Just War

Is war ever just war?

“The number of wars which have happened or will happen in the world will always be found to be in proportion to the number and weight of the causes, whether REAL or PRETENDED, which PROVOKE or INVITE them.”

~ John Jay, Federalist Paper No. 3, November 1787

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The Founding Fathers were really against unnecessary involvement in foreign countries’ affairs, particularly in foreign wars.  They thought these situations were literally “entanglements” that once gotten into were extremely difficult from which to get out.  Much of modern American involvement in war has distinctly proven the wisdom of this attitude.  From Vietnam to Afghanistan, we have had a great deal of trouble extricating ourselves from the wars we found ourselves in, causing them to drag on for years at great cost, both in financial resources and American lives.  We have also made mistakes or found ourselves facing unexpected results when we meddled, even minorly, in the affairs of other nations embroiled in conflict.  If we were to ask what our founders intended, it might seem surprising to hear that they mostly expected us to remain at peace, uninvolved in the affairs and conflicts of the foreign nations around us.  They had no grand designs of spreading democracy to the globe, except by the light of example.  And they certainly had no pre-established “red” or other colored lines that signaled that the US should become involved in another nation’s business.

We might argue that had they witnessed genocide of the type and scale of the Holocaust, the founders might have issued an exception to the general “stay out of foreign entanglements” rule.  But even then, we should ask ourselves if that’s truly ever been a hard and fast standard for America.  We became involved in World War II, thereby alleviating the continuation of the Holocaust, only because we were attacked by Japan.  Our horror came afterwards.  And there have been modern genocides, particularly Darfur, which we have not averted, mostly because we had no other vital interests involved in doing so.  Even in our own lands, Native Americans were systematically removed from the equation, and we not only didn’t stop such massacres, our government perpetrated them!  This is certainly not an argument that we should allow genocide to occur or go unpunished, but rather, the painful truth that we are far from perfect.  And we are far from perfect judges of what is really going on in other nation’s affairs.  All the more reason that the extreme hesitancy, the desire to avoid war and conflict with other nations that the Founding Fathers advised, makes all the more sense.  How do we judge who and what is just, especially in war, when the cause and causes are not even our own?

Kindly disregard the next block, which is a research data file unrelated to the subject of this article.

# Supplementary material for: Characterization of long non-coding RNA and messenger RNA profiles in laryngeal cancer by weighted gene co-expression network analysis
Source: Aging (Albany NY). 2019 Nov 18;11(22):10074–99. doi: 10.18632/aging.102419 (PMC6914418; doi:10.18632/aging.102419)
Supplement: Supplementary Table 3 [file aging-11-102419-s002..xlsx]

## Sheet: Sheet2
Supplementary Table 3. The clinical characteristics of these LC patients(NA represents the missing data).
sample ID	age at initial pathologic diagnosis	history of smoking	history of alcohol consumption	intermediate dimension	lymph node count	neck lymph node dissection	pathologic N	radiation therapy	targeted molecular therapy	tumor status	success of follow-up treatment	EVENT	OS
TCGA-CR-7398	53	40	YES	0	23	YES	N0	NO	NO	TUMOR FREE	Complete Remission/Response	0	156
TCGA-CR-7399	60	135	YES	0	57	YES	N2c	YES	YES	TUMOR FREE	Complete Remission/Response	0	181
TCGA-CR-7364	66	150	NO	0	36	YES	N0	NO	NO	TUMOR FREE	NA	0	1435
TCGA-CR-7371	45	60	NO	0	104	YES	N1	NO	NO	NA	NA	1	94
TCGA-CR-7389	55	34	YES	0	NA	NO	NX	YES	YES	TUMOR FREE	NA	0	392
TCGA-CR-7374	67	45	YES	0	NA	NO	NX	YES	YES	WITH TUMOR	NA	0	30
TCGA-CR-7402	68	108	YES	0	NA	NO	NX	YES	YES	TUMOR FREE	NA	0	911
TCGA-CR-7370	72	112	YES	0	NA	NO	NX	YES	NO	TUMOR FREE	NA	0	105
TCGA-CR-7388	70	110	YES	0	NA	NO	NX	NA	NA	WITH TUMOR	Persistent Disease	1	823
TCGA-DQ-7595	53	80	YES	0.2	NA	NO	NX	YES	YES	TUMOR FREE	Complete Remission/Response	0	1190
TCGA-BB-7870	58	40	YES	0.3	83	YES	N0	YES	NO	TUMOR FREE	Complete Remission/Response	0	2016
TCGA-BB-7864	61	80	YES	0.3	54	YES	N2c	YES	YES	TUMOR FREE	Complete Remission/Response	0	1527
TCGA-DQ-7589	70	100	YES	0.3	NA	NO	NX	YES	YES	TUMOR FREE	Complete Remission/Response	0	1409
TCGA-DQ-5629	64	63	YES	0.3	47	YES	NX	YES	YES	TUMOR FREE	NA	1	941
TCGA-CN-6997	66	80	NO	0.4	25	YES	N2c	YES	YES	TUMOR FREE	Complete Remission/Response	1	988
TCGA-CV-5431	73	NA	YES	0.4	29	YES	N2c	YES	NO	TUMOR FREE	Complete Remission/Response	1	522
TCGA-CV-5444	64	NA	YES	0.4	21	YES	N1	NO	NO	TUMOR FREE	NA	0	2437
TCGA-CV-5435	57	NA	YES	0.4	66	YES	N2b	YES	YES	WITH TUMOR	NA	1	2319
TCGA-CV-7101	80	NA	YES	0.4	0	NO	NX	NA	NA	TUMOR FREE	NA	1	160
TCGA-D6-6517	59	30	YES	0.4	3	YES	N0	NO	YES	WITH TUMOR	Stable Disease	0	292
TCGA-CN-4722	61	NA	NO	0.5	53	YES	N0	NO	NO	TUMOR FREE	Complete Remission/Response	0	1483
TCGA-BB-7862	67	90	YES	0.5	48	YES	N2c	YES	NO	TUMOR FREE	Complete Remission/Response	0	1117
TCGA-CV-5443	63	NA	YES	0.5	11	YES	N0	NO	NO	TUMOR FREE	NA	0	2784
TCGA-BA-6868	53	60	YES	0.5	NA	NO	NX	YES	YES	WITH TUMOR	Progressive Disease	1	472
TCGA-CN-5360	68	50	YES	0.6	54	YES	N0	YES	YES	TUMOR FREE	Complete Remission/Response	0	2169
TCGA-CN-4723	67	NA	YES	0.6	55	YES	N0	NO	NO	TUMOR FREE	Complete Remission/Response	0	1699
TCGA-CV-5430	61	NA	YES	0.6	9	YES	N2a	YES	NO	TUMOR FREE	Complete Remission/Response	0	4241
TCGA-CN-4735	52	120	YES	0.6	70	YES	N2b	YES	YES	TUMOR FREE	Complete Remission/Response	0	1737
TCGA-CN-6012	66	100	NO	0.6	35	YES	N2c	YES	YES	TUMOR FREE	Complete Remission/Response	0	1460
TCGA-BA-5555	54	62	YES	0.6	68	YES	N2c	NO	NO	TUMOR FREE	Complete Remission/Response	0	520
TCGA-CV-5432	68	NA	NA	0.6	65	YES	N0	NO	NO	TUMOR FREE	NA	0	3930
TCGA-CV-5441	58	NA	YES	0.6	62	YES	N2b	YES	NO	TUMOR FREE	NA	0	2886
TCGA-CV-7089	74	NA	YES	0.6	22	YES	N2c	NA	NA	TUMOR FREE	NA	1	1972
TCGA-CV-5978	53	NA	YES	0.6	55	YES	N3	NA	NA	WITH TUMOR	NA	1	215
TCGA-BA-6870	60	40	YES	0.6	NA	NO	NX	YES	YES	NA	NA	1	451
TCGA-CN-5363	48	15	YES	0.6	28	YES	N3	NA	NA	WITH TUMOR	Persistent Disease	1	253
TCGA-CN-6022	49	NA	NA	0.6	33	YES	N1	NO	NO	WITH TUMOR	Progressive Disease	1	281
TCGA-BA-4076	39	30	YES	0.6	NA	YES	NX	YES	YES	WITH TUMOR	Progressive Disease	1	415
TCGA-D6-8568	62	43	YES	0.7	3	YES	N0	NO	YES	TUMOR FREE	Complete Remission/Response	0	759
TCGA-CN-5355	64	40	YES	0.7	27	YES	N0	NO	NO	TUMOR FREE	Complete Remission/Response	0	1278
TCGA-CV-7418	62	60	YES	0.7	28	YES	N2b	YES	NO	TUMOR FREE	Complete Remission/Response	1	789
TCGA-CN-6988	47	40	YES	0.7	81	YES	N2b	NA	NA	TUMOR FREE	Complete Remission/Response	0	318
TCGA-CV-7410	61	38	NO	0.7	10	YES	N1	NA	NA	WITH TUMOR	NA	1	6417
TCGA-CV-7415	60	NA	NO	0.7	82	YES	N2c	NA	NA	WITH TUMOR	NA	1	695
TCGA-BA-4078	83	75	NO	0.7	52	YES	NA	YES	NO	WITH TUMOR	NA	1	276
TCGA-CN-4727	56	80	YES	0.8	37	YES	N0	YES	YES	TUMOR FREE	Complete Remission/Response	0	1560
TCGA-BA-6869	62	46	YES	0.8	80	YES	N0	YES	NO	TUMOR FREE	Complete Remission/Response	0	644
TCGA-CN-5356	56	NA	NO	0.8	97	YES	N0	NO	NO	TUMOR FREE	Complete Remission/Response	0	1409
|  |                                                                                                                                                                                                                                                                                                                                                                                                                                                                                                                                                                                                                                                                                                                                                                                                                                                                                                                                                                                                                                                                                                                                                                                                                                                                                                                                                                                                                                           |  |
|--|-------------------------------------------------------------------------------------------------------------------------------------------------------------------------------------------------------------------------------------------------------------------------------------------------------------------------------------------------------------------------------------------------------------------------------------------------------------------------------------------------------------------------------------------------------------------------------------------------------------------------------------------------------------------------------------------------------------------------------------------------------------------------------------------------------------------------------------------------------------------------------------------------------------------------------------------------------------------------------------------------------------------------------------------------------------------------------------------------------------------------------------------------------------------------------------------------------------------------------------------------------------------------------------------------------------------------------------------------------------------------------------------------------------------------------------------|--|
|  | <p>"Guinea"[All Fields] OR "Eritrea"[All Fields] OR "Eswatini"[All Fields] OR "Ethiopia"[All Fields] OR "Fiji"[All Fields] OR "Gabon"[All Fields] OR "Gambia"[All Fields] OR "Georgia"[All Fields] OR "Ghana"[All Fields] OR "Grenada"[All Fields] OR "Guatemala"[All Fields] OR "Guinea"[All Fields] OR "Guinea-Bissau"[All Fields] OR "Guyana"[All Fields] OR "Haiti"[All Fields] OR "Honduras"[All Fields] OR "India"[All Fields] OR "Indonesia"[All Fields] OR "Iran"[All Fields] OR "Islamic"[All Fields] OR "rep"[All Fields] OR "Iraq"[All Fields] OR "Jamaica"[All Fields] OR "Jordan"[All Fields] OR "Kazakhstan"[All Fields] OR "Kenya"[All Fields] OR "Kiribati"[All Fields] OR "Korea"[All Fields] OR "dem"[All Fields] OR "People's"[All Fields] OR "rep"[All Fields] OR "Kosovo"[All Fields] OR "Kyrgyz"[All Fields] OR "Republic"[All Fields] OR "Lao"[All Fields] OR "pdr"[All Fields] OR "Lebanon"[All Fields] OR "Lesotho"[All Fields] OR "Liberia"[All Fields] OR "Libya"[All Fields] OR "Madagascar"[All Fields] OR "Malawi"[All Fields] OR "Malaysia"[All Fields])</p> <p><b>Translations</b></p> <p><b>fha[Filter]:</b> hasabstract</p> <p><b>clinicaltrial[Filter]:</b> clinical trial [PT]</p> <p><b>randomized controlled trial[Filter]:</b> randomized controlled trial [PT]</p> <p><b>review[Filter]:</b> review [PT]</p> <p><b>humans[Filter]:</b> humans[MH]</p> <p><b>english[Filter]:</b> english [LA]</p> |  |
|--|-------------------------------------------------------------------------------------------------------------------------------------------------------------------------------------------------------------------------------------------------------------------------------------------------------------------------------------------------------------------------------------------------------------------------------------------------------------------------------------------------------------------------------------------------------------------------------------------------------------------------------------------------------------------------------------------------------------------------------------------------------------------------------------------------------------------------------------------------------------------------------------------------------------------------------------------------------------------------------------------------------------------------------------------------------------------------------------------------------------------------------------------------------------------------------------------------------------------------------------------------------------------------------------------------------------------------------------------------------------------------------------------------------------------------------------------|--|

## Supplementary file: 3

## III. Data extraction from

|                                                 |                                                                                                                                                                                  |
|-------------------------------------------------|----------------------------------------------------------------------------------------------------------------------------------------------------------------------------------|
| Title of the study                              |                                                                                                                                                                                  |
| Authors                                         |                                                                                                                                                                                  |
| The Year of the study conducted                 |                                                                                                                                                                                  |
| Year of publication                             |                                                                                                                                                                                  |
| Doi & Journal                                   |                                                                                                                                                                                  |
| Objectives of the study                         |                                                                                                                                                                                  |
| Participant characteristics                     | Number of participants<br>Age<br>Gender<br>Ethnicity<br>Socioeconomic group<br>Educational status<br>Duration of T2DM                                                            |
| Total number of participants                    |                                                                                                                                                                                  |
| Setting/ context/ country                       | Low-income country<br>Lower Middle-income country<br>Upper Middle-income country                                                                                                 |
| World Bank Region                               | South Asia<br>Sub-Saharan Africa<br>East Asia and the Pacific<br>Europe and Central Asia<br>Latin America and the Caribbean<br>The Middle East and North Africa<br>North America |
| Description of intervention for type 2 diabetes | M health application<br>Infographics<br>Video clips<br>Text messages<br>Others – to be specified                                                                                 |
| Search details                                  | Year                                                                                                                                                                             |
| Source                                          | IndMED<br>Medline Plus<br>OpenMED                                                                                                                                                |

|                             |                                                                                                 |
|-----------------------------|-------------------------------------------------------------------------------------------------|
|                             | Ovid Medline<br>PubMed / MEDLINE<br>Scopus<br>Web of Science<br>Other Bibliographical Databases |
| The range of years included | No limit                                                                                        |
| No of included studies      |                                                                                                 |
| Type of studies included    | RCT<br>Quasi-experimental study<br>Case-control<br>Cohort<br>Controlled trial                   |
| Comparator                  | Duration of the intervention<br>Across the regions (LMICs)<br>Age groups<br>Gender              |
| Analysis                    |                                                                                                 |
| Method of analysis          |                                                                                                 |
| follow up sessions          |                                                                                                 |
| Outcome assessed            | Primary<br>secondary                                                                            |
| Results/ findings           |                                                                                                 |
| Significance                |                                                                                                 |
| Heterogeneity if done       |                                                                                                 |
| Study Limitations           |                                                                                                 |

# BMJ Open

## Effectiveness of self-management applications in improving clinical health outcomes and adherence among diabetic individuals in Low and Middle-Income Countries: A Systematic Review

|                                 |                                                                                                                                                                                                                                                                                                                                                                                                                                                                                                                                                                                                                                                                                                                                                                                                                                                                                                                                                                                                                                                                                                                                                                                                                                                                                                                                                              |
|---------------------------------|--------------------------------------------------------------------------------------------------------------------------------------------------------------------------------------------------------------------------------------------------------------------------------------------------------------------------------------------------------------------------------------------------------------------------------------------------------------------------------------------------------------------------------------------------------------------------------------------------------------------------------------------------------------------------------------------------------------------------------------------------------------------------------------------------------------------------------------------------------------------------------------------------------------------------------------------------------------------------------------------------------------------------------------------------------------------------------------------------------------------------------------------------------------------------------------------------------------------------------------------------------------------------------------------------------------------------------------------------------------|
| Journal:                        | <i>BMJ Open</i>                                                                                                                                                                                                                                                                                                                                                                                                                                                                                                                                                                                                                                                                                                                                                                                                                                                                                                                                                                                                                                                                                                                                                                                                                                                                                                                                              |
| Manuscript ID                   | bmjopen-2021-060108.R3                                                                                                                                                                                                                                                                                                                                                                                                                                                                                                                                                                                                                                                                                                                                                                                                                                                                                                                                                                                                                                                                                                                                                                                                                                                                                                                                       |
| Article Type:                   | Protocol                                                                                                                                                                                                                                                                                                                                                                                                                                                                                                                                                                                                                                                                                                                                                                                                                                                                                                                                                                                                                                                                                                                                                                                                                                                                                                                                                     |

At the end of the day, our founders’ principle of avoiding foreign entanglements was actually based in the same ideas that gave birth to the American Revolution and the freedoms we have to this day.  They believed that other peoples living in their own lands had the same right to choose their own destiny just as we did and do.  Sometimes choosing that destiny can be messy, violent, and exceedingly unpleasant.  Sometimes people die and their cause goes unfulfilled or is left to be taken up by later generations.  Would we be the nation we are today without having had to fight through our own Revolution, based on our own thoughts and ideals.  Would we be the same nation if other nations had stepped into our Civil War to alleviate or eliminate the massive death tolls from bloody battles and the years of military campaigns it took to settle the questions of slavery and secession?  People have to be free to fight their own battles and choose their own causes, whether those causes are just or not, or admired by us or not.  It is the only way they will ever truly own what happens to their own societies as a result.  The founders’ point was that we must let others find their own way, just as we have found ours.  America was never meant to be a judge, just an example.  A city on the hill.

 

Res Publica

 

Documentation without Representation:

John Jay, Federalist Paper No. 3, November 1787

http://avalon.law.yale.edu/18th_century/fed03.asp

Electronic text courtesy of the Avalon Project at Yale Law School

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